In fundraising, the work is never done. Being able to walk away from unfinished business when we have to is a skill I’m learning. We are constantly prioritising what’s important, and keeping up is both motivating and challenging. I don’t think I’m alone in this, or that it’s unique to the not-for-profit industry either. Those I know who are making tough, long-term decisions to further their careers, or have taken the leap to open their own business or start contracting talk about the pressure, the hustle, the fear of failure. We’re trying to set up lives that keep us secure and afford time for what we love as well. The balance can be tough, and I’ve seen this impact loved ones’ decisions, relationships and mental health.
We have a saying at work when menial, but nonetheless important tasks are swallowing our time, when the pressure is on, when the tension is high to raise what we need to raise. Those working in charities, from what I’ve experienced seem to be less forgiving of their own and others’ errors. It may be because there’s less acceptance of risk in our industry, or vulnerable people who may cop the results of our mistakes. Every so often, someone in the team will say, “Hey, just remember. We’re not curing cancer.” Which is another way of saying, “It’s OK – your work isn’t that important.”
This phrase helps us to remember that our work isn’t shifting the course of the earth. What we do doesn’t matter to more than 99% of people. What seems frustratingly important and stressful now, won’t in a month, in a year. We can back up a little to see the forest instead of the trees.
And it’s true. It’s like a hand squeeze just before you go on stage. It’s a pit-stop with Powerade in the middle of a race. It’s a hand on your back when you’ve been up all night. A moment in time that says, “Here, we know you’ve got this. You’re doing so well already. This moment isn’t the be all and end all. There will be a time when it’s not like this anymore. Take a breath and remember – you’ve got this.”
Now, I understand this phrase doesn’t work for those who are actually eradicating cancer. Or homelessness, or extreme abject poverty, or ebola, or use of nuclear weapons… Some people do have very important decisions to make. And the only thing I could possibly say if this is you, if you do bear the weight of huge decisions with implications that reach across the world and far into the future, is just to remember, if you can: you are not alone.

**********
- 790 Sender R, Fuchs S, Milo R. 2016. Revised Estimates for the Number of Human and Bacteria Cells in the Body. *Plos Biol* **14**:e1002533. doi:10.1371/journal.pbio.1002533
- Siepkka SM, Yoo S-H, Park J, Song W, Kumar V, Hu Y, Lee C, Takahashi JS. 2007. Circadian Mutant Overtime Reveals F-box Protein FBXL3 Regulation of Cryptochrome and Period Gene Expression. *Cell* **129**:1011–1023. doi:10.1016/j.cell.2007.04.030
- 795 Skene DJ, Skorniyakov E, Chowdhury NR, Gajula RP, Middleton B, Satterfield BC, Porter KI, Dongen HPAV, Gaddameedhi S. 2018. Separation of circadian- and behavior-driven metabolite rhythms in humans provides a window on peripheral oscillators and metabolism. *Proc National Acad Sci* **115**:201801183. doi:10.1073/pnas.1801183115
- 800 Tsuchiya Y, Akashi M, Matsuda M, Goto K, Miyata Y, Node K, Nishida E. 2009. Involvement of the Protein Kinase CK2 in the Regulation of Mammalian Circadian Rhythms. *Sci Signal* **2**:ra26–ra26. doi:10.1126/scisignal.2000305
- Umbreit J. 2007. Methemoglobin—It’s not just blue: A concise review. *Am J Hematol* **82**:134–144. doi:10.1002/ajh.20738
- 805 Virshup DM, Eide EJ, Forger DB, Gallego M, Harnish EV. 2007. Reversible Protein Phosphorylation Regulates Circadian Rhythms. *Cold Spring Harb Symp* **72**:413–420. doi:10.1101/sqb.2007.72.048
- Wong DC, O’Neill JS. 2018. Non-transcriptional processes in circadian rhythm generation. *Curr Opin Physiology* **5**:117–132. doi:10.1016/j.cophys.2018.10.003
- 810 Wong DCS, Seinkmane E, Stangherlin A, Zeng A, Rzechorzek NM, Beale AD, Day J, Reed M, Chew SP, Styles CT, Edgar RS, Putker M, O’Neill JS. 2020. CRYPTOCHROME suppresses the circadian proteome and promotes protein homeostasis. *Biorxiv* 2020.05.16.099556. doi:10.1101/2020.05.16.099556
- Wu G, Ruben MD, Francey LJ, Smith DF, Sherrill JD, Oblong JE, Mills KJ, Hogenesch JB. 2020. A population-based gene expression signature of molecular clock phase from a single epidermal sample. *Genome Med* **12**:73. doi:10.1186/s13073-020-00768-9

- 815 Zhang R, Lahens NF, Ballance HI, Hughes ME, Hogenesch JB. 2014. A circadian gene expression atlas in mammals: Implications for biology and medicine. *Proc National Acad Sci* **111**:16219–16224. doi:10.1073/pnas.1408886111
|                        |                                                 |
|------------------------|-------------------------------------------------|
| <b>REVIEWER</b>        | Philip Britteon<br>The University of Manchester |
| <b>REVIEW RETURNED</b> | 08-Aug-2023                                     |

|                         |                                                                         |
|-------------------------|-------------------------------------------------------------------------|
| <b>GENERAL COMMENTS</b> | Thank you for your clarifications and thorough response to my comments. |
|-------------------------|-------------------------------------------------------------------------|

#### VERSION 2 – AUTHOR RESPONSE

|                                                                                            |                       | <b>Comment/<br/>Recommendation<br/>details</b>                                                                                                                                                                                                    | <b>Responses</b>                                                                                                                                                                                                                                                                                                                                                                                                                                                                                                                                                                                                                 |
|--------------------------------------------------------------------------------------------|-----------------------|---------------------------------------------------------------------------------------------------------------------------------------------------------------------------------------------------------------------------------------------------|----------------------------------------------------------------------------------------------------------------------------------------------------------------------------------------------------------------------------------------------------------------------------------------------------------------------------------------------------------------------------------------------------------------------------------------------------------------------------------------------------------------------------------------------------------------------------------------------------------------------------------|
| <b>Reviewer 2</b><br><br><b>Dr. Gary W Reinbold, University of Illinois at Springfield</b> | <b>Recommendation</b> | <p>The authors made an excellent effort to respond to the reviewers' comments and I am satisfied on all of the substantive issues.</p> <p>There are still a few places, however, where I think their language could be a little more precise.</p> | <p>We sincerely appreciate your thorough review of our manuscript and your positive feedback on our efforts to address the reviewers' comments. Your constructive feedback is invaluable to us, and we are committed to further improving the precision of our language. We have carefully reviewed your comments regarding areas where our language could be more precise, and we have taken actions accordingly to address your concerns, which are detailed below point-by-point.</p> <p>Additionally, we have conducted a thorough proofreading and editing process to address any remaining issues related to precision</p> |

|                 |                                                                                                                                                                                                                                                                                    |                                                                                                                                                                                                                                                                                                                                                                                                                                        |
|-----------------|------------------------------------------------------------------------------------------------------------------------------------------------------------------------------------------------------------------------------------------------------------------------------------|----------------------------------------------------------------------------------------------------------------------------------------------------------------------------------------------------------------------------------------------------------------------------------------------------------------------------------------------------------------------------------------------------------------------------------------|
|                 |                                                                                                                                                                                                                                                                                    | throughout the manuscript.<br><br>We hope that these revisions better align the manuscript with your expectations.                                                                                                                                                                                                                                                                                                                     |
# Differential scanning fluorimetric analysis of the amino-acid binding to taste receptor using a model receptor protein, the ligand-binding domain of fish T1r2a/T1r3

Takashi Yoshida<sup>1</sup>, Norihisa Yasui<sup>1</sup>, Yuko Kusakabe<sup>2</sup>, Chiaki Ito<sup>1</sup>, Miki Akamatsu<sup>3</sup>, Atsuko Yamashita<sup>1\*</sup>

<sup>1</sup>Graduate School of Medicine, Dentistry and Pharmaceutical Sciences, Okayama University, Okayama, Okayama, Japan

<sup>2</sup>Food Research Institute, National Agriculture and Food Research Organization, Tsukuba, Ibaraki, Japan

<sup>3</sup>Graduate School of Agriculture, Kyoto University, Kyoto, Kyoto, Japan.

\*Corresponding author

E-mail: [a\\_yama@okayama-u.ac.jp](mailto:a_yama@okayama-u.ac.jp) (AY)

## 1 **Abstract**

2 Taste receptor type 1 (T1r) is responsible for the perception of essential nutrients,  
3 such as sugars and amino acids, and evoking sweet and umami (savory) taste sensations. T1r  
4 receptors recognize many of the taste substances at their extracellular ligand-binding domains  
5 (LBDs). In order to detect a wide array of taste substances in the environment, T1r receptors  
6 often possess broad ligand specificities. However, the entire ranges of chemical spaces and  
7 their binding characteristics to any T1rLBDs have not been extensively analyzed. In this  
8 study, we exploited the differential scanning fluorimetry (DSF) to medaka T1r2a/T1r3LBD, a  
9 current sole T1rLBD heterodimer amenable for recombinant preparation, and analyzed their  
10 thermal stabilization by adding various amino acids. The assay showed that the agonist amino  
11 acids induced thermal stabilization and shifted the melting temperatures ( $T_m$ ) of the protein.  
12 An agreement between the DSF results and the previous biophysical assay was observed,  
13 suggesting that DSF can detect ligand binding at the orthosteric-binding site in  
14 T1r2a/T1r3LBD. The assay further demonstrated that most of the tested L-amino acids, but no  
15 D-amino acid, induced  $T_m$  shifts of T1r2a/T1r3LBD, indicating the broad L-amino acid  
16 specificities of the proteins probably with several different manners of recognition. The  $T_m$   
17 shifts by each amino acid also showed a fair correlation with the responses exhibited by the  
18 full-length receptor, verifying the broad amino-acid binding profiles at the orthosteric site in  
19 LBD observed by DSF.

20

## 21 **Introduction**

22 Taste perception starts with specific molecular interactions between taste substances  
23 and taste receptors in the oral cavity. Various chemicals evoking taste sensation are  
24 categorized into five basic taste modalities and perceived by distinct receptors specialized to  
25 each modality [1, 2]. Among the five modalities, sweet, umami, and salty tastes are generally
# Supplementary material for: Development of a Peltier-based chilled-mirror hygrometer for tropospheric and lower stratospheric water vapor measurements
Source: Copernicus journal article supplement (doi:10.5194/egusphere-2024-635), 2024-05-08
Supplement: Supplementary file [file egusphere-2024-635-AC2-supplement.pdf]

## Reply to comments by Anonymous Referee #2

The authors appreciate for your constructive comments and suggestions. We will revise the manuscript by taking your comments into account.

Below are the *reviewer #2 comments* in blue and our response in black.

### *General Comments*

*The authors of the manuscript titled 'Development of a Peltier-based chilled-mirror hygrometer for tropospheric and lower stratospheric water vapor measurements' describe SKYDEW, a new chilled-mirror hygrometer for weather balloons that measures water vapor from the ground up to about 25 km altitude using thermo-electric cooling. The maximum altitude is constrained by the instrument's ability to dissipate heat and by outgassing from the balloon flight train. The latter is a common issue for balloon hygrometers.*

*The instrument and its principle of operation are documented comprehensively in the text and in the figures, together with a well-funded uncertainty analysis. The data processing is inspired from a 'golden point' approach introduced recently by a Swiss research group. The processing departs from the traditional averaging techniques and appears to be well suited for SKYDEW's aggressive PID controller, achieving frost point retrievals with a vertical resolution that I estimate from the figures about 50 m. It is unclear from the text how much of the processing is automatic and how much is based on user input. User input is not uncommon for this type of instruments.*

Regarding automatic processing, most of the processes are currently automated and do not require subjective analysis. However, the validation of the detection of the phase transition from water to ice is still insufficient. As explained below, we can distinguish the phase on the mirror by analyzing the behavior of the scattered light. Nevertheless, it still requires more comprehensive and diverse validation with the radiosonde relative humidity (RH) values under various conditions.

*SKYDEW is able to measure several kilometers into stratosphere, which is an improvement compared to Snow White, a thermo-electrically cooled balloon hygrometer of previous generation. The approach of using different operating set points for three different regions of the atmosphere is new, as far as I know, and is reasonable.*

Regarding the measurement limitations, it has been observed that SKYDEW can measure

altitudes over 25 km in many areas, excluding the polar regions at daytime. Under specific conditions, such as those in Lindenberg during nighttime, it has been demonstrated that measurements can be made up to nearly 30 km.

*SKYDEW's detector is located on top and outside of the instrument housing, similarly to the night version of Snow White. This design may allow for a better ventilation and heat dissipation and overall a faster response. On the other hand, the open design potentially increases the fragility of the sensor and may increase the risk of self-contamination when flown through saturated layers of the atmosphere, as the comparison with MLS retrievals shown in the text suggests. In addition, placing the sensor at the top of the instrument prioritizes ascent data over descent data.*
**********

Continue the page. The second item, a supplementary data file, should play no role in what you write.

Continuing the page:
For me, at the root of this phrase and behaviour that precedes it is an unhealthy ‘tape’ I’m playing in my head. I think that what I do at work is who I am. I’m writing about it because it’s so ingrained, I forget that the loop is there. Maybe you do too.
And here’s what we actually need to remember:
We are not the sum of how we spend 40 of our 168 hours a week (a mere quarter). Even if it’s a tough week at 70 hours of work, that’s still less than half our week. No matter who pays us to contribute labour to keep this economy running, we are not the sum of how we spend this time, or the decisions we make while we’re here.
If we don’t or can’t work, that still does not define us.
We are not how we spend all our time, ever. We are not everything we’ve ever thought or done, or everything we dream about, or everything we think about ourselves.
We are not how we treat other people. We are not how we’ve been treated.
We are not what we produce, contribute or donate. We are not what we take and consume.
We are not our memories, our regrets or our fears.
We are not how others see us.
Who are we? Well, we need to change the tapes to find out.
HT to Rob Bell – I still remember where I was standing when you spoke about two pieces of paper, and what I needed to write on them.
“You are telling yourself a story. A story about who you are and who you aren’t. A story about what you’re doing in the world. A story about your worth, your value, your esteem. We all have this inner dialogue… and we get to change the tapes.”